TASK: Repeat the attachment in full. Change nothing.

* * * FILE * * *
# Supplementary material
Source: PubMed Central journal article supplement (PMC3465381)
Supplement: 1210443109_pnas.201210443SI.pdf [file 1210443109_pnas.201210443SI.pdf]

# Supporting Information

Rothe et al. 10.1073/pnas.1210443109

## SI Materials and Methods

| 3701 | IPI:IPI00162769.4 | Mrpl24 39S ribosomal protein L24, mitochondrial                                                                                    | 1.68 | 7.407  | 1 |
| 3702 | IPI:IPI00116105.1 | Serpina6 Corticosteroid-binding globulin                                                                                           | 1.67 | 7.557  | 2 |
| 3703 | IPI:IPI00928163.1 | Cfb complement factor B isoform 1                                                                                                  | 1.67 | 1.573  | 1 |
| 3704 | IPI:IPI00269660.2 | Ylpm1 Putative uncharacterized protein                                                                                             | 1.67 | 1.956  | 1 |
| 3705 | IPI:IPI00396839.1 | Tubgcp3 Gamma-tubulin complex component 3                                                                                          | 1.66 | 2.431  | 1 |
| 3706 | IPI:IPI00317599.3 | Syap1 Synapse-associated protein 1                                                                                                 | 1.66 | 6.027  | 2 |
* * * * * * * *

# Supplementary material
Source: PubMed Central journal article supplement (PMC3465381)
Supplement: 1210443109_pnas.201210443SI.pdf [file 1210443109_pnas.201210443SI.pdf]

# Supporting Information

Rothe et al. 10.1073/pnas.1210443109

## SI Materials and Methods

| 3701 | IPI:IPI00162769.4 | Mrpl24 39S ribosomal protein L24, mitochondrial                                                                                    | 1.68 | 7.407  | 1 |
| 3702 | IPI:IPI00116105.1 | Serpina6 Corticosteroid-binding globulin                                                                                           | 1.67 | 7.557  | 2 |
| 3703 | IPI:IPI00928163.1 | Cfb complement factor B isoform 1                                                                                                  | 1.67 | 1.573  | 1 |
| 3704 | IPI:IPI00269660.2 | Ylpm1 Putative uncharacterized protein                                                                                             | 1.67 | 1.956  | 1 |
| 3705 | IPI:IPI00396839.1 | Tubgcp3 Gamma-tubulin complex component 3                                                                                          | 1.66 | 2.431  | 1 |
| 3706 | IPI:IPI00317599.3 | Syap1 Synapse-associated protein 1                                                                                                 | 1.66 | 6.027  | 2 |